Cretin, Stranger

Brad Sanders

By Brad Sanders

on 12.09.14 in Reviews

The sophomore LP by California grindcore miscreants Cretin is their first since frontwoman Marissa Martinez-Hoadley came out as transgender, but anyone hoping (or fearing) that it would be her Transgender Dysphoria Blues should start looking for another narrative. Stranger isn’t particularly interested in its own mythology.

The work of a more mature band operating at a higher level

What it’s interested in is pummeling, and it does that well, retrofitting Exhumed-like bursts of shredding to economical Repulsion song structures. It’s easy to attribute that to the fact that Martinez-Hoadley, drummer Col Jones and bassist Matt Widener have done time in those bands, but that misses the huge contributions from Dreaming Dead guitarist Elizabeth Schall. Her frenetic, Slayer-indebted playing invigorates tracks that might feel rote without her presence. She plays all the solos on Stranger, and each is thrilling. The one that ushers album closer “How to Wreck Your Life in Three Days” to its conclusion is especially revelatory.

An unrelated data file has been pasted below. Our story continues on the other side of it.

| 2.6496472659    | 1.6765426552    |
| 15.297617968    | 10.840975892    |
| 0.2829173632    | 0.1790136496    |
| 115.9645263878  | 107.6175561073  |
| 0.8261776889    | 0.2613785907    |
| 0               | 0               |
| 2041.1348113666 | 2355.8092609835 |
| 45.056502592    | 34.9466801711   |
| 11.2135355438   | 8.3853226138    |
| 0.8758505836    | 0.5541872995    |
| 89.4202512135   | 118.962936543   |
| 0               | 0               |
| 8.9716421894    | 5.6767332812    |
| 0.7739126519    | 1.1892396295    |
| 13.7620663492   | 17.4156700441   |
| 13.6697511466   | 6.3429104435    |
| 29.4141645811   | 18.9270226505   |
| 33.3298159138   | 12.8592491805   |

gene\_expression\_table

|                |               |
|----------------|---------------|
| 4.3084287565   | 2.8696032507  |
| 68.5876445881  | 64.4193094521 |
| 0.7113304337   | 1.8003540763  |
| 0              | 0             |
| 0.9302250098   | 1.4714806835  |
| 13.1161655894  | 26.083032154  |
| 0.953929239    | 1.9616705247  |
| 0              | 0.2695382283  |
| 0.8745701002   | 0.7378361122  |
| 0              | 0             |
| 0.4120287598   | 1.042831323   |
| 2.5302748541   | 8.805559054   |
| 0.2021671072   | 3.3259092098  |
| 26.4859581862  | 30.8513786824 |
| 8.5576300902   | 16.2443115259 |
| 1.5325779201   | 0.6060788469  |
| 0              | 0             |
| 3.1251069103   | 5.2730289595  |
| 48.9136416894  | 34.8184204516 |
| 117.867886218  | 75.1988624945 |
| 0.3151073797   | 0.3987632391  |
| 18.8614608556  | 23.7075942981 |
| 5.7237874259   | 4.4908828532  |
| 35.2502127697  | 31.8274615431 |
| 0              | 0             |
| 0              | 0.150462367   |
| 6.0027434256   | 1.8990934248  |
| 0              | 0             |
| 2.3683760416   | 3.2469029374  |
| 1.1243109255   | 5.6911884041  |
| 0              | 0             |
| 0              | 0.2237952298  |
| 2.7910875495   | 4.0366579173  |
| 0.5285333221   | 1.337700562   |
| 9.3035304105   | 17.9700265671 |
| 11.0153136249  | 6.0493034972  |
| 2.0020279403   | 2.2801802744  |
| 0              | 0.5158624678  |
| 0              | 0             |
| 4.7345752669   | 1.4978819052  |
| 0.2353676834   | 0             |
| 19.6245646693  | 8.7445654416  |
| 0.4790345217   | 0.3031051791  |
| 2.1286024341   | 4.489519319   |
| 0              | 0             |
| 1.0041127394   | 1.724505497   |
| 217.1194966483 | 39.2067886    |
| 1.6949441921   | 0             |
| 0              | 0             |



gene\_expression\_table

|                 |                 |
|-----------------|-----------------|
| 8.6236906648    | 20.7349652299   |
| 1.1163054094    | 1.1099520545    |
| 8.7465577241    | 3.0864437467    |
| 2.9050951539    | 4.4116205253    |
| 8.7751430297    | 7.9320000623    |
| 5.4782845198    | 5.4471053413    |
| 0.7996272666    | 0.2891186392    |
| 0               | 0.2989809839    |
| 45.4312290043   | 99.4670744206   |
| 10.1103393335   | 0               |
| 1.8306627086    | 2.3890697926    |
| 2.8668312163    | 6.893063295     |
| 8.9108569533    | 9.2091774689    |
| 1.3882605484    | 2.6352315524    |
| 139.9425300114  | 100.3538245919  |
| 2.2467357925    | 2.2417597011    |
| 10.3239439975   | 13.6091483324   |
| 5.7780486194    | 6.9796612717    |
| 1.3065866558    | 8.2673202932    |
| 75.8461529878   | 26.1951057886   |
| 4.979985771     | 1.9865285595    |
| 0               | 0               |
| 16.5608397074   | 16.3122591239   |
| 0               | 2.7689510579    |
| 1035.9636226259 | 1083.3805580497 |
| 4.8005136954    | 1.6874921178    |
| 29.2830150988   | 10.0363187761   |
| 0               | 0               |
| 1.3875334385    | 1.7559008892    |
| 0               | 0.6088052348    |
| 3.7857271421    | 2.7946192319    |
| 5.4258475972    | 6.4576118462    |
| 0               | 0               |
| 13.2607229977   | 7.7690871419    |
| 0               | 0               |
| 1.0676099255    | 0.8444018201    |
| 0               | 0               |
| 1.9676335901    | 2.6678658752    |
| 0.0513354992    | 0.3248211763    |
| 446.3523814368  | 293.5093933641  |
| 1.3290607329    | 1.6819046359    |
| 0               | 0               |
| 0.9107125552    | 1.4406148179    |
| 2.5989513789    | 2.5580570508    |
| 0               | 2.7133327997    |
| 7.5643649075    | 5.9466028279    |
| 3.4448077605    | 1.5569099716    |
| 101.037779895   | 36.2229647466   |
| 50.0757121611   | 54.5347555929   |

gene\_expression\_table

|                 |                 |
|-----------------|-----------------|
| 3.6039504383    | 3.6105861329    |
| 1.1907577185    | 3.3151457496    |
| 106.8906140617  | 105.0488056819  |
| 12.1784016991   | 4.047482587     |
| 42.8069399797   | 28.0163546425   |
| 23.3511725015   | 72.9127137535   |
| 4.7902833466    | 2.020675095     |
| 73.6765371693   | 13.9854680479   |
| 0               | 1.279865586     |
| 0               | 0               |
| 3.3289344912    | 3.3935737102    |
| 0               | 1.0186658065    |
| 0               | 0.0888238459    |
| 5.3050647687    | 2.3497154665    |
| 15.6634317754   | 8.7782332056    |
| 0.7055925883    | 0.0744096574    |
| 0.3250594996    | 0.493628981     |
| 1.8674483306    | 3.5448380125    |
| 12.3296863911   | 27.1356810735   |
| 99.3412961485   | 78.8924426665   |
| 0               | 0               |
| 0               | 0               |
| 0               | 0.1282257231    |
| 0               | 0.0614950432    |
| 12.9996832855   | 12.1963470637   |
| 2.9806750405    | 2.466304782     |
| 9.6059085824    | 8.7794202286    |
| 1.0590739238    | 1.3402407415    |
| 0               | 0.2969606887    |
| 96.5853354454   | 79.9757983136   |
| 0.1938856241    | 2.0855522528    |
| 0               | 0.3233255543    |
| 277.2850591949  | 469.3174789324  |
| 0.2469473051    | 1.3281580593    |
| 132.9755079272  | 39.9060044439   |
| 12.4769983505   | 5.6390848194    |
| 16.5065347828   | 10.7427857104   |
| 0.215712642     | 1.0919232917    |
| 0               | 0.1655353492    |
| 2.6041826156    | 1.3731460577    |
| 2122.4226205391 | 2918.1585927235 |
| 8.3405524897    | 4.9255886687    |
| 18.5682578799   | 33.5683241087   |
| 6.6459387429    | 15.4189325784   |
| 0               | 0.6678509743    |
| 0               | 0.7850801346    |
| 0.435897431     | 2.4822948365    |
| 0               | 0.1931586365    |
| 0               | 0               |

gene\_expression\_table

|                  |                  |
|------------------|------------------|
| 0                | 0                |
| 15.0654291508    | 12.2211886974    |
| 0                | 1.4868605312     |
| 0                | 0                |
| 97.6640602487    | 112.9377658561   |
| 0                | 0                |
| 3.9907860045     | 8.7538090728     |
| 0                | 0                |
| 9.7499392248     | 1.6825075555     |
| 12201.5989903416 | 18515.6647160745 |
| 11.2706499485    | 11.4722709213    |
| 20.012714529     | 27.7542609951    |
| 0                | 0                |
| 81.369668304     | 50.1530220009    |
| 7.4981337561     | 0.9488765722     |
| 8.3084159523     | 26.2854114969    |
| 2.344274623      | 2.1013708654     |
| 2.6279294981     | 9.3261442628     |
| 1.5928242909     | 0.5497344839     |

If the addition of Schall is the biggest thing separating Stranger from 2006′s Freakery, the lyrical maturation isn’t far behind. Where Freakery tended to present its vignettes for shock value alone, the stories here are far more clever, and they perfect the pitch-black comedy that ham-fisted older tracks like “A Fowl Fetish” and “Walking a Midget” failed to achieve.

At their best, the lyrics on Stranger, written by Widener, recall the work of Pig Destroyer‘s J.R. Hayes, though the protagonists tend to have odder obsessions than Hayes’s gallery of stalkers and murderers. “Honey and Venom” depicts a woman who hugs a beehive and commands its tenants; the title character of “Mister Frye, the Janitor Guy” fertilizes his beautiful garden with stolen sewage.

While there’s nothing as personal as Freakery‘s de facto trans anthem “Daddy’s Little Girl,” Stranger is the work of a more mature band operating at a higher level. It treats Martinez-Hoadley’s transition as a footnote rather than a focal point. Stranger sells itself on the strength of its songs, and that’s more than enough.